When someone mentions general education classes you probably think of four subjects: math, science, English and history.
The idea is that these four subjects will give you a base knowledge to survive in the world.
This doesn’t seem adequate to me though.
How are you going to learn about taxes and money — having a bank account or writing checks?
Holding down a job?
But most importantly, what if your car breaks down?
For many students a personal vehicle is their only mode of transportation to work and school.
Without it they lose their ability to learn or make money.
With one car for every three people in the Bay Area, it honestly surprises me that hardly anyone knows how to fix them.
Many of the problems we encounter with our cars are quite simple to fix by yourself.
Requiring students to take a basic automotive class would help them fix these simple problems without having to pay hundreds of dollars for a mechanic to fix them.
Don’t get me wrong, there are plenty of issues beyond the scope of the average student’s intelligence that requires special training, however, things such as worn belts, bad brakes, batteries and plenty of other issues, can be fixed by almost anyone with very little training.
The most valuable skills to be learned here are critical thinking and problem solving.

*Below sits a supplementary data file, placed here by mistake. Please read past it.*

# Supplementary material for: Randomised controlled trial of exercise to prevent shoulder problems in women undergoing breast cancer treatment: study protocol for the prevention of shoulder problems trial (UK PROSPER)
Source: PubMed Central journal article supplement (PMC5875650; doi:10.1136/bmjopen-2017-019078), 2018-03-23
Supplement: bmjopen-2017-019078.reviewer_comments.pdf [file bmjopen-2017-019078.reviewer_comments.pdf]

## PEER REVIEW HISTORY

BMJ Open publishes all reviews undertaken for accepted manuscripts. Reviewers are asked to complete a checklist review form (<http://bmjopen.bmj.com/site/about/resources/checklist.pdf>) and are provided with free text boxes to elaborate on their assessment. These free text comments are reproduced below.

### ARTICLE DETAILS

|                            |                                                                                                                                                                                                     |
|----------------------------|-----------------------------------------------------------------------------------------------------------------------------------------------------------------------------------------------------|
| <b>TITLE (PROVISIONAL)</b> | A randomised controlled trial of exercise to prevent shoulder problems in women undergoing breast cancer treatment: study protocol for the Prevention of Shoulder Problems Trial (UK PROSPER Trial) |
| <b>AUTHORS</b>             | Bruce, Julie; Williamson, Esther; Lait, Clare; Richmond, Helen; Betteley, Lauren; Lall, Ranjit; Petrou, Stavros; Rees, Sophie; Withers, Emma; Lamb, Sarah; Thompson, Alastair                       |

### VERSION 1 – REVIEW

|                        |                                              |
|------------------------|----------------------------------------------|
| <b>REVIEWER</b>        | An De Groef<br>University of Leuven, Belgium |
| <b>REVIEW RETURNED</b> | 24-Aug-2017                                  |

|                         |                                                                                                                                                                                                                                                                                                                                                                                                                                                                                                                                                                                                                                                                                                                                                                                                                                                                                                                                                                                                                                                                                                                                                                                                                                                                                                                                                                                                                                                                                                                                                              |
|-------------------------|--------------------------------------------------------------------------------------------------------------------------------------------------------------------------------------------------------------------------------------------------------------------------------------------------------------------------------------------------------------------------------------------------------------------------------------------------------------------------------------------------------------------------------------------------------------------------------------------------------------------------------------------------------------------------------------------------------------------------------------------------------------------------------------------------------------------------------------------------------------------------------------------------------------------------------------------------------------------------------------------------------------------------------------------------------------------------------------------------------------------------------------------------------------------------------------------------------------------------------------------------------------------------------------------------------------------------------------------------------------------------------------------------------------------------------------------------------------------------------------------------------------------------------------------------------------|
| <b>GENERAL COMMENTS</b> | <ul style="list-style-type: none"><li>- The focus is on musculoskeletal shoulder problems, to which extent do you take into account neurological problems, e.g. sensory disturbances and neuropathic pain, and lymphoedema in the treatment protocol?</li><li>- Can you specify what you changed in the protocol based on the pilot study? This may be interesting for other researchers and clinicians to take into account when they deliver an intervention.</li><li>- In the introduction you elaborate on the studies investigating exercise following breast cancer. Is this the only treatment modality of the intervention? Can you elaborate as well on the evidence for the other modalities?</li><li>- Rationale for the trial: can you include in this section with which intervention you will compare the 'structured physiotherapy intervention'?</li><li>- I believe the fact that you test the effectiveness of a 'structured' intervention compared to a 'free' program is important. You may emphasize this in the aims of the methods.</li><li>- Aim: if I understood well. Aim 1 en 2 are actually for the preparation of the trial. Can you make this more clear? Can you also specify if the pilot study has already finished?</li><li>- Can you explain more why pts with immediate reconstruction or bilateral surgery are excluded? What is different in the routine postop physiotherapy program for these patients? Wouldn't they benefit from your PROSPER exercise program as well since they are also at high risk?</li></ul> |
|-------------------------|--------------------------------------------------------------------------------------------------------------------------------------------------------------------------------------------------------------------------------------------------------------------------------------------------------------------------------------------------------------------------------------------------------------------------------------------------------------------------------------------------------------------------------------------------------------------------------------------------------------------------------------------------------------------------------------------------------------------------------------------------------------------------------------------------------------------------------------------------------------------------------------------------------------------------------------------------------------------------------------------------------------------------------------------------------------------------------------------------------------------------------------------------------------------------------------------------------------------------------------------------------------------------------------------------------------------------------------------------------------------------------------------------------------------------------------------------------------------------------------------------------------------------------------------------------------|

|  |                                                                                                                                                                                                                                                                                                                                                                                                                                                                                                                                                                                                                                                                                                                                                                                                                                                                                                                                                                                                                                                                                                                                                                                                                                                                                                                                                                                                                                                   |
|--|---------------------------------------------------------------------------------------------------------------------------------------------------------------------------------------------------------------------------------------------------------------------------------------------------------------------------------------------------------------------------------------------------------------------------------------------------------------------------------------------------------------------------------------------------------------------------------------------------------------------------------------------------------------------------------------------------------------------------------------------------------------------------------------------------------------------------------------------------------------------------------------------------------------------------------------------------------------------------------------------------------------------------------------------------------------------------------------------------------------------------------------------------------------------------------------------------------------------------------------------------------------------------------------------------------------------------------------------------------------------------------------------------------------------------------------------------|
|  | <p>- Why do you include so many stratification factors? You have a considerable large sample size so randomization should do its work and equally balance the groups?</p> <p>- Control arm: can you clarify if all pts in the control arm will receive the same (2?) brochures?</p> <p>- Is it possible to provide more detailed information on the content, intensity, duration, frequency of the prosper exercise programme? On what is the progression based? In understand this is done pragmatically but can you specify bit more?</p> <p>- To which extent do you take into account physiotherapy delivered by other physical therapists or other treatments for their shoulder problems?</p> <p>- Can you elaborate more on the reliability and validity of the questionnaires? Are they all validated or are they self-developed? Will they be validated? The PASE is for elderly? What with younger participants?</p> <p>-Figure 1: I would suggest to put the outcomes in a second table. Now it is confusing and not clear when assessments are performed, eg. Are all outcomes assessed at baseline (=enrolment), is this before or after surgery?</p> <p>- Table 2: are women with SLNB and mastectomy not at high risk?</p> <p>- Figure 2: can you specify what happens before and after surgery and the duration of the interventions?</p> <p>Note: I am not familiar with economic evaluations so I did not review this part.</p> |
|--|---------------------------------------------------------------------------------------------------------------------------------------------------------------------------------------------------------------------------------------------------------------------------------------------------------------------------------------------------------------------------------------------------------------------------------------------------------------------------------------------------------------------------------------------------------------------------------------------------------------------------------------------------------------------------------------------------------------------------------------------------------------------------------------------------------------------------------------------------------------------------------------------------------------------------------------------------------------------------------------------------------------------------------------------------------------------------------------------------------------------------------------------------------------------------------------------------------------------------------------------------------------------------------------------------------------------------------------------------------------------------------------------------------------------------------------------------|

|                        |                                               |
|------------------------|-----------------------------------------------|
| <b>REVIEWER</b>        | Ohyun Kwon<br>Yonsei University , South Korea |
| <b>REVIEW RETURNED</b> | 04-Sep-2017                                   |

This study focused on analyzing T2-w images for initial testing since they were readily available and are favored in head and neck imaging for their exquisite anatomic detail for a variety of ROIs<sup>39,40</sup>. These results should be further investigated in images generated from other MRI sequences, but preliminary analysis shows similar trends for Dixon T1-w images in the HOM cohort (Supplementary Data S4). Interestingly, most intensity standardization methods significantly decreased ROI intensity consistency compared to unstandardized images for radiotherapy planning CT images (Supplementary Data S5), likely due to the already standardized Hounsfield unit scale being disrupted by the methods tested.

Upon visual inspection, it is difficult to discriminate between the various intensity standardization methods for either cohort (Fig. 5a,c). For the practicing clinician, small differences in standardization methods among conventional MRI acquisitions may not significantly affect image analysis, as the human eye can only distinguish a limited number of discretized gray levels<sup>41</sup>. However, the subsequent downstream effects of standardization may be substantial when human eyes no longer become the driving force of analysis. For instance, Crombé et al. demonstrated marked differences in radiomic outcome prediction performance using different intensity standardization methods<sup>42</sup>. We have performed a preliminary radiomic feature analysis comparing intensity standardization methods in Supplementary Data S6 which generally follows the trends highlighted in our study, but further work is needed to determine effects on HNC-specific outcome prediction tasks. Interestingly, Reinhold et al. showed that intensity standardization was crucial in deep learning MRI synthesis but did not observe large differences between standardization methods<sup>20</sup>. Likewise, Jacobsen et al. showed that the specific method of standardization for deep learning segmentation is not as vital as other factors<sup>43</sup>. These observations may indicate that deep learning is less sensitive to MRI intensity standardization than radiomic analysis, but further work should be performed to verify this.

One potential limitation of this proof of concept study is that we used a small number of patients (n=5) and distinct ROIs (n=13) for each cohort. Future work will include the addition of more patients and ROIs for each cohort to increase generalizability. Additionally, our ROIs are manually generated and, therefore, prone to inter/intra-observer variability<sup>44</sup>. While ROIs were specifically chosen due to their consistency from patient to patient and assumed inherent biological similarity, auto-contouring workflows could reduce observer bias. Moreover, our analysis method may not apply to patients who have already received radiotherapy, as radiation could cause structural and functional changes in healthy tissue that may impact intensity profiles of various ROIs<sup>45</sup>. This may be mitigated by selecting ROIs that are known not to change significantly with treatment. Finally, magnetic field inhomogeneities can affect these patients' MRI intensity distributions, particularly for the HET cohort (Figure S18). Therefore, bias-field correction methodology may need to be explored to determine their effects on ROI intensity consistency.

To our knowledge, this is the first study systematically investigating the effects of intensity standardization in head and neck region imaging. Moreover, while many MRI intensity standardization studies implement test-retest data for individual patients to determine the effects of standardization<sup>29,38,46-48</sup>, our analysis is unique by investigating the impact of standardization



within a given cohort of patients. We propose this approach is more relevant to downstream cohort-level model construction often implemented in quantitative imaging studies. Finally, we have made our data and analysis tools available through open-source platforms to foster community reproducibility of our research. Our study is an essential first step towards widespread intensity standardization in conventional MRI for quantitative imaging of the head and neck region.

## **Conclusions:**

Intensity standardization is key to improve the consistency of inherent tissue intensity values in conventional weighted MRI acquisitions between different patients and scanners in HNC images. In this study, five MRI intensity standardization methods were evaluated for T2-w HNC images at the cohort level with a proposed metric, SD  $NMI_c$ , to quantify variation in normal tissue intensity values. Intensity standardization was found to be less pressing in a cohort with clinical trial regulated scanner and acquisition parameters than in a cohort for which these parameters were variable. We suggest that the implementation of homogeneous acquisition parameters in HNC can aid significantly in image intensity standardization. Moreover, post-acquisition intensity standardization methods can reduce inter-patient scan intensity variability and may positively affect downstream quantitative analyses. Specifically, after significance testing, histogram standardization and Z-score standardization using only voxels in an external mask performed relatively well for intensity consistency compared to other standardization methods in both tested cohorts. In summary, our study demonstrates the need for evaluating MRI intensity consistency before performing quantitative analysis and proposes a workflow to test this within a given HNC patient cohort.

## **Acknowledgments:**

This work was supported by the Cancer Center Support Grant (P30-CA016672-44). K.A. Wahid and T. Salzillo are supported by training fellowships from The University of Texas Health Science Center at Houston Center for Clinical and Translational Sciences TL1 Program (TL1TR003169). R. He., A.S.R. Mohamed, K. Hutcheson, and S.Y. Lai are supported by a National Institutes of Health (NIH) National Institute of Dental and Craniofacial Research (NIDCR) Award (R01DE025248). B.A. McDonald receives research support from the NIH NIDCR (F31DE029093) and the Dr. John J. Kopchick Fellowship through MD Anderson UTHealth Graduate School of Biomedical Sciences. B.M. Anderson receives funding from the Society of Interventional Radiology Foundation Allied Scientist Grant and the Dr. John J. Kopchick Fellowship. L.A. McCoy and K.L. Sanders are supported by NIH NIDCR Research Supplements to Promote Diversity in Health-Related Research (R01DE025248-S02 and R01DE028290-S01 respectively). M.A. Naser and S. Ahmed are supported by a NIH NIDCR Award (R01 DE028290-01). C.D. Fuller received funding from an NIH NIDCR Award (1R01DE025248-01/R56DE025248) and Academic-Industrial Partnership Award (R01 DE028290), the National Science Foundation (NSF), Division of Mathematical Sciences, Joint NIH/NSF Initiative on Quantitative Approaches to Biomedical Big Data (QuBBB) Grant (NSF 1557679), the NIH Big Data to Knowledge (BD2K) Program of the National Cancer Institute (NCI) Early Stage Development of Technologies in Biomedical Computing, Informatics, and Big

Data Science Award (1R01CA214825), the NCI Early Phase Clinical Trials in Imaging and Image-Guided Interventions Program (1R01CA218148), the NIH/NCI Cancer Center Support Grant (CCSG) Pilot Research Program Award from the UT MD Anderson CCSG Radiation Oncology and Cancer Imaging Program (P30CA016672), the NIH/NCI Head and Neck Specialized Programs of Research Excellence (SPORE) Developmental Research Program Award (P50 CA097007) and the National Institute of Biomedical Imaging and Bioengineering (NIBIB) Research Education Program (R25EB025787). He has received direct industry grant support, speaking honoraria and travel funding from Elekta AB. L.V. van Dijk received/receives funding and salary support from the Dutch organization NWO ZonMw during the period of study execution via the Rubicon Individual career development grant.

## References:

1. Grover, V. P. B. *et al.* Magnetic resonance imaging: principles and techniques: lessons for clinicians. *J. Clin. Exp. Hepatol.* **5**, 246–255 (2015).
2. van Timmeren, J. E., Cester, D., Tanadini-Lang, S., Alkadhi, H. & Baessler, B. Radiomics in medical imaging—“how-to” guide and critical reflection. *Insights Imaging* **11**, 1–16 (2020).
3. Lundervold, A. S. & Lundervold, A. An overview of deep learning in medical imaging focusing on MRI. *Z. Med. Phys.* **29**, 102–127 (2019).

Before you can fix a problem, you have to figure out what is actually wrong.
Beyond that, you then have to decide whether you can fix it yourself or if a mechanic is needed.
Should you decide to try and fix it on your own, you then have to work through how to fix it.
Physical problem solving is one of the best ways to learn because if you make a mistake you have to undo and fix the problem again.
An automotive class provides the perfect platform to teach these sort of problem solving skills.
By holding this knowledge, students can also help others who are having car troubles.
I would take personal pride in using skills learned at Contra Costa College to help someone else in need.
The community of cars and car people is like no other and having a class like this would introduce students to others who have an undying passion for what they do.
Students are also always looking for solutions. I think this would be a great way to save money, time and frustration.
The class wouldn’t be for everyone, but it would certainly be helpful for daily life. And you would have students who walk away with some extra knowledge that will help them at some point or maybe help someone find their dream career.
Automotive major Craig Yannow is a perfect example of this.
Growing up, he never thought he would be into cars. But now he owns his own car and works in the industry. If it weren’t for the skills he learned through cars, he wouldn’t be where he is today.
You could try to make this argument for other classes, but I don’t believe any class would be as useful in a real world application. I have always believed that people learn better with hands on instruction and an automotive class provides a perfect medium.